Bad Colours: PINK – album review
Bad Colours PINK Bastard Jazz Ltd Edition LP|DL Out 26th February 2021 Pre-order on Bandcamp PINK, the debut album from Bad Colours, is the Maradona of electronic/garage. It may be compact, but it packs a mighty punch. Gordon Rutherford reviews for Louder Than War. There’s a saying that good things come in small packages. […]
The post Bad Colours: PINK – album review appeared first on Louder Than War.
Ltd Edition LP|DL
Out 26th February 2021
Pre-order on Bandcamp
PINK, the debut album from Bad Colours, is the Maradona of electronic/garage. It may be compact, but it packs a mighty punch. Gordon Rutherford reviews for Louder Than War.
There’s a saying that good things come in small packages. If ever you wanted evidence, Bad Colours provides it with his debut album, PINK. At just over twenty-one minutes, it’s one of the shortest albums I have ever encountered. However, not a second is wasted. This incredible fusion of garage, funk, post-disco, house and rap may be small, but it packs a mighty big punch.
The man behind the Bad Colours moniker is London-born, Maryland-raised, Brooklyn based DJ and producer, Ibe Soliman. For over a decade, Soliman has been one of New York’s premier league DJ’s, sharing the decks with the likes of James Murphy and Mark Ronson. He has curated some of the hippest private parties going, setting the tone for FKA Twigs, Justin Timberlake and Usher. And when he’s not performing behind the decks, he’s in the studio, on production duties for Kendrick Lamar, Faith Evans and many more. Enough said. Soliman knows his stuff.
When covid-19 came crashing down, Soliman, like so many of us, had to adapt. DJ sets were impossible. Studios were closed. Realignment was required. Inspired by some rough ideas and samples that had been sent to him by friends, he decided that he would make music, as opposed to playing it. He leant on all of those influences that he had nurtured over the years, carefully curating sounds and ideas from his vast library of source material. The excellent end product is PINK.
PINK is an album of nine tracks, four of which are (virtually) instrumental and diminutive, all clocking in at under two minutes. They are almost like interstitials, linking the ‘real’ songs as opposed to being songs in themselves. That’s not to say that they lack purpose or, critically, quality. They serve an outstanding role in creating the dynamic of the collection and are absolutely valid in their own right. The perfect example is the synth-laden slow jam, Heyyy, which serves as a perfect bridge between tracks.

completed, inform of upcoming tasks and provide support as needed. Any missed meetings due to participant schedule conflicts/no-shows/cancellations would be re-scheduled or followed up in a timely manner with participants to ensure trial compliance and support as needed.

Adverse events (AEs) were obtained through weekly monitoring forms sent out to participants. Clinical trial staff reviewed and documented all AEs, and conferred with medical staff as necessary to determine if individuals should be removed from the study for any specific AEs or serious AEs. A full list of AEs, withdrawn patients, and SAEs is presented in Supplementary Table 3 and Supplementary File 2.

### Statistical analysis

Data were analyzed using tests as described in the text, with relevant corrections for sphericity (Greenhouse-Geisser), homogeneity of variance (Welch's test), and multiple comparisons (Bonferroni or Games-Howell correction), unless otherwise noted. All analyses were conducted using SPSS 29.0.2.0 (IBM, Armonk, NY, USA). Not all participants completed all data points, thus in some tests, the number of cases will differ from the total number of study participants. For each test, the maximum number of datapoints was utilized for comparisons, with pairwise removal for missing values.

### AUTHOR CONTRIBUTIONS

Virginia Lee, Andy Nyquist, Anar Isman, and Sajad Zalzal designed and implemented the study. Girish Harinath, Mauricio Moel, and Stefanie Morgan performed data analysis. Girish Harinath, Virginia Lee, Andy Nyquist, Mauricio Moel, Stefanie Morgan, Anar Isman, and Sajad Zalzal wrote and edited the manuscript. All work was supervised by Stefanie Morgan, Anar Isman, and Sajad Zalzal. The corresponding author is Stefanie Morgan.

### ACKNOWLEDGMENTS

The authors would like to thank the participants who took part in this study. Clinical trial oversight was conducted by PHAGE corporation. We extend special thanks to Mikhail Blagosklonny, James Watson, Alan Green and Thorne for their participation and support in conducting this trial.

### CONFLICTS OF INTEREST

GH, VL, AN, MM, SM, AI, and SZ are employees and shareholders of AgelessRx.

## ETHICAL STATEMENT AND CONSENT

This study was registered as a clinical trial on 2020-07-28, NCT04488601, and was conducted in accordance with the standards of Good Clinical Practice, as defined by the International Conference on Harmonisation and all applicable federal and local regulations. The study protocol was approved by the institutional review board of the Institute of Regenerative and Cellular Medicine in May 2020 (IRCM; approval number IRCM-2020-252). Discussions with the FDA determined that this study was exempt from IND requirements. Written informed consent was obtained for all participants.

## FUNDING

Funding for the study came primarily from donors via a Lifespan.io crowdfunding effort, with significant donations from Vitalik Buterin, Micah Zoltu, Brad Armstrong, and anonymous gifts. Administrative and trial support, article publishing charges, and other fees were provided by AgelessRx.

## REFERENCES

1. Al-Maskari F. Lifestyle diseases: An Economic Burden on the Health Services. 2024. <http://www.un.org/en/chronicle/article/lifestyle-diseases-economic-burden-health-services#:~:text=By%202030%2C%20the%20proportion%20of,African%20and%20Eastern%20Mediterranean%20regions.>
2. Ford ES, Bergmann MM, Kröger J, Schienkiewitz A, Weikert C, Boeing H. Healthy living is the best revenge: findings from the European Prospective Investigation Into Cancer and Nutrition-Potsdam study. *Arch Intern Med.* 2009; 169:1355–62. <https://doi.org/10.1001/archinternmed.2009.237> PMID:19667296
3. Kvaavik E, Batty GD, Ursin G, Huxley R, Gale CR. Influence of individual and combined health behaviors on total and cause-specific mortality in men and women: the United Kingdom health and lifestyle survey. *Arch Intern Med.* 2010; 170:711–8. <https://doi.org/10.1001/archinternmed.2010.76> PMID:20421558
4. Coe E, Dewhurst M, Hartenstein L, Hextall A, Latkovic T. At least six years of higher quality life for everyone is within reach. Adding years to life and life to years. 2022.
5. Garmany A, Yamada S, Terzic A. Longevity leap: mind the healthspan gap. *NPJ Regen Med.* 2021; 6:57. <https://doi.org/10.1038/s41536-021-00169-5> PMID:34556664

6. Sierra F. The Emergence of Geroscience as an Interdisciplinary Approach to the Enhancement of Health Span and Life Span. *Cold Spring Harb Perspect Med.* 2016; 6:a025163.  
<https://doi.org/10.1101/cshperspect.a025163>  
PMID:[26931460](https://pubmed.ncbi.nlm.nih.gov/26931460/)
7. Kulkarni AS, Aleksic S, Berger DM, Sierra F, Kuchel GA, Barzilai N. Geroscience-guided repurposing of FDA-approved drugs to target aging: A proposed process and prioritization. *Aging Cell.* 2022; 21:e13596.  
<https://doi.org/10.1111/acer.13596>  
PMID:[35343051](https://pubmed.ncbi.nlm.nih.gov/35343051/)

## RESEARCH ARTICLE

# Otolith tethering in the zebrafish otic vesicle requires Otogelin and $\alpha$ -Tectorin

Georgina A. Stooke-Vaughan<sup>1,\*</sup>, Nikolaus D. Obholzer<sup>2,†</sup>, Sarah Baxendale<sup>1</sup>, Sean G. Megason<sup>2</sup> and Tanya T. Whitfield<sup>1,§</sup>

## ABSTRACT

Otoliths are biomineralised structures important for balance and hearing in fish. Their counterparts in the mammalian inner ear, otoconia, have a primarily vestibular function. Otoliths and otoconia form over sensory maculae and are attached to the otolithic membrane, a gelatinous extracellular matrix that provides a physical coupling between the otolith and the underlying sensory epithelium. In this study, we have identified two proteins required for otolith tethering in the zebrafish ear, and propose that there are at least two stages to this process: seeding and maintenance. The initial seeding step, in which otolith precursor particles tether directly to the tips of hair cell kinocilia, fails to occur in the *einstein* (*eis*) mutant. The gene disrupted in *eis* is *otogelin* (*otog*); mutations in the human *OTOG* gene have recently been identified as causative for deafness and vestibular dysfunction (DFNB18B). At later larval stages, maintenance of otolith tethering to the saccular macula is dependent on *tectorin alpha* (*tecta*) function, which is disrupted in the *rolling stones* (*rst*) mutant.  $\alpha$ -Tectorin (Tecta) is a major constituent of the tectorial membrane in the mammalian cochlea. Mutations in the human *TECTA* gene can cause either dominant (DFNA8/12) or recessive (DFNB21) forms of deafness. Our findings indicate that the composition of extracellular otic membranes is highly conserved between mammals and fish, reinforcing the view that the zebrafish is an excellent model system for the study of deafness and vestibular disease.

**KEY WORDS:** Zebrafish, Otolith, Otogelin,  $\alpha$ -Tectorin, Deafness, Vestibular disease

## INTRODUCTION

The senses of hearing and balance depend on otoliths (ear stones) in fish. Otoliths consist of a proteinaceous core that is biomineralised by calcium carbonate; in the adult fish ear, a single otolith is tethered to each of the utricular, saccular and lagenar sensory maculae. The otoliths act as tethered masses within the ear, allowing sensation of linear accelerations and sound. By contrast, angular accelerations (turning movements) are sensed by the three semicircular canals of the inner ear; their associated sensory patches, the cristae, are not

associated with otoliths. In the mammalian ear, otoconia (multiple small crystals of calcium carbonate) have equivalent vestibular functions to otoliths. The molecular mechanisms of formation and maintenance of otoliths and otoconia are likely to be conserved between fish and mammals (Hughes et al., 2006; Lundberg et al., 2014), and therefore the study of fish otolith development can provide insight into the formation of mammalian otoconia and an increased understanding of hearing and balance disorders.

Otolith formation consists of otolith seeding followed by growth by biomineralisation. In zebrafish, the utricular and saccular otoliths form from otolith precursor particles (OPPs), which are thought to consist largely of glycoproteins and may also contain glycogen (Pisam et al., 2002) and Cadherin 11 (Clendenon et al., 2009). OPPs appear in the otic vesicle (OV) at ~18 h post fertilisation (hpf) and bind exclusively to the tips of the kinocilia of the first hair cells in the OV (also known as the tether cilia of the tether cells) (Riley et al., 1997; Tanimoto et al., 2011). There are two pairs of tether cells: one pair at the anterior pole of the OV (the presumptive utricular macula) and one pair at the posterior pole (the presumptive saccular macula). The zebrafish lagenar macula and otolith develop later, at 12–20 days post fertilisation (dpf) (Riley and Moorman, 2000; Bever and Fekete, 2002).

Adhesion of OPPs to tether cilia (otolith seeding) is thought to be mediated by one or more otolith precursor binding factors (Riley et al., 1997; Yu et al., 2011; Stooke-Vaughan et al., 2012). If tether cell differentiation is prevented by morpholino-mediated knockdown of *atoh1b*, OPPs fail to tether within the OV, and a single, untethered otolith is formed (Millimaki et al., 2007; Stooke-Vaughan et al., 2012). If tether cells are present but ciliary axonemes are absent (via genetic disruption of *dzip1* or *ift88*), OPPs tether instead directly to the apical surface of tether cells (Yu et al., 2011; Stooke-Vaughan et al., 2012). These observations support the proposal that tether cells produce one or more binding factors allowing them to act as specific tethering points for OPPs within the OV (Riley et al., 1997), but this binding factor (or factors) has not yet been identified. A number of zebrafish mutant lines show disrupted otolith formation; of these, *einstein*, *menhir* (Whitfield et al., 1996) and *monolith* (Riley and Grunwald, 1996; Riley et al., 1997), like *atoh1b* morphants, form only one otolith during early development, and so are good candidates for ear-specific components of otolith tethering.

Taking the other five tracks, there is not so much as a bum note here. Each and every one is quite brilliant. The album’s first single, Cookin’, is built upon a throbbing house beat and a Chris Faust sample. Carras Paton enters proceedings a couple of minutes in, introducing mean and moody sax layers. Following on from the short intro, PINK, Cookin’ provides a brilliant introduction to this collection.
Feelin’ Like follows. It’s a track that was originally built around a vocal sample by Jarv Dee that morphed and grew thanks to additional lyrics on black power from the Seattle rapper. With a nod to Ronseal, Soliman describes it as “dancey stuff with a message”. It’s a tune that oozes attitude and swagger. Hypnotic beats hold you transfixed as Jarv Dee does his thing.
Skin To Skin opens with a skittering hi-hat and a bassline that is so good it should be illegal. A faraway guitar kicks in, provided by Alex Kliment from Foreign Tapes. It is reminiscent of Marc Ribot (Tom Waits) or Chris Isaak. It seems tot be there, but not there and provides a quite beautiful counterpoint to the main theme of the tune.
The highlight of the album however is unquestionably the out-and-out banger, Get U Off. Quite simply, this is the one. It is a collaboration with the super talented singer, actor and playwright, Marcus Harmon, who wrote lyrics and provides a sumptuous vocal performance. Get U Off is an absolute club classic, reminiscent of those pioneering house anthems of the eighties whilst at the same time having a very contemporary, Róisín Murphy kinda vibe. You can imagine the very biggest dancefloors pulsating to this.
PINK is the aural equivalent of an optical illusion. On one hand, it feels over way too soon. Yet, at the same time, because Soliman sets the bar so high, you feel utterly sated by the end. Sure, a little bit more would be nice, but this way, Bad Colours leave us hungry for more. Here’s hoping that there is fresh material to follow soon.
PINK is available for pre-order on Bandcamp.
Bad Colours is on Instagram and Facebook.
Bastard Jazz can be found here. They are also on Facebook and Twitter.
Photo: Tyler Dean Flores
All words by Gordon Rutherford. More writing by Gordon can be found in his archive.
Gordon is also on twitter as @R11Gordon and has a website here: https://thedarkflux.com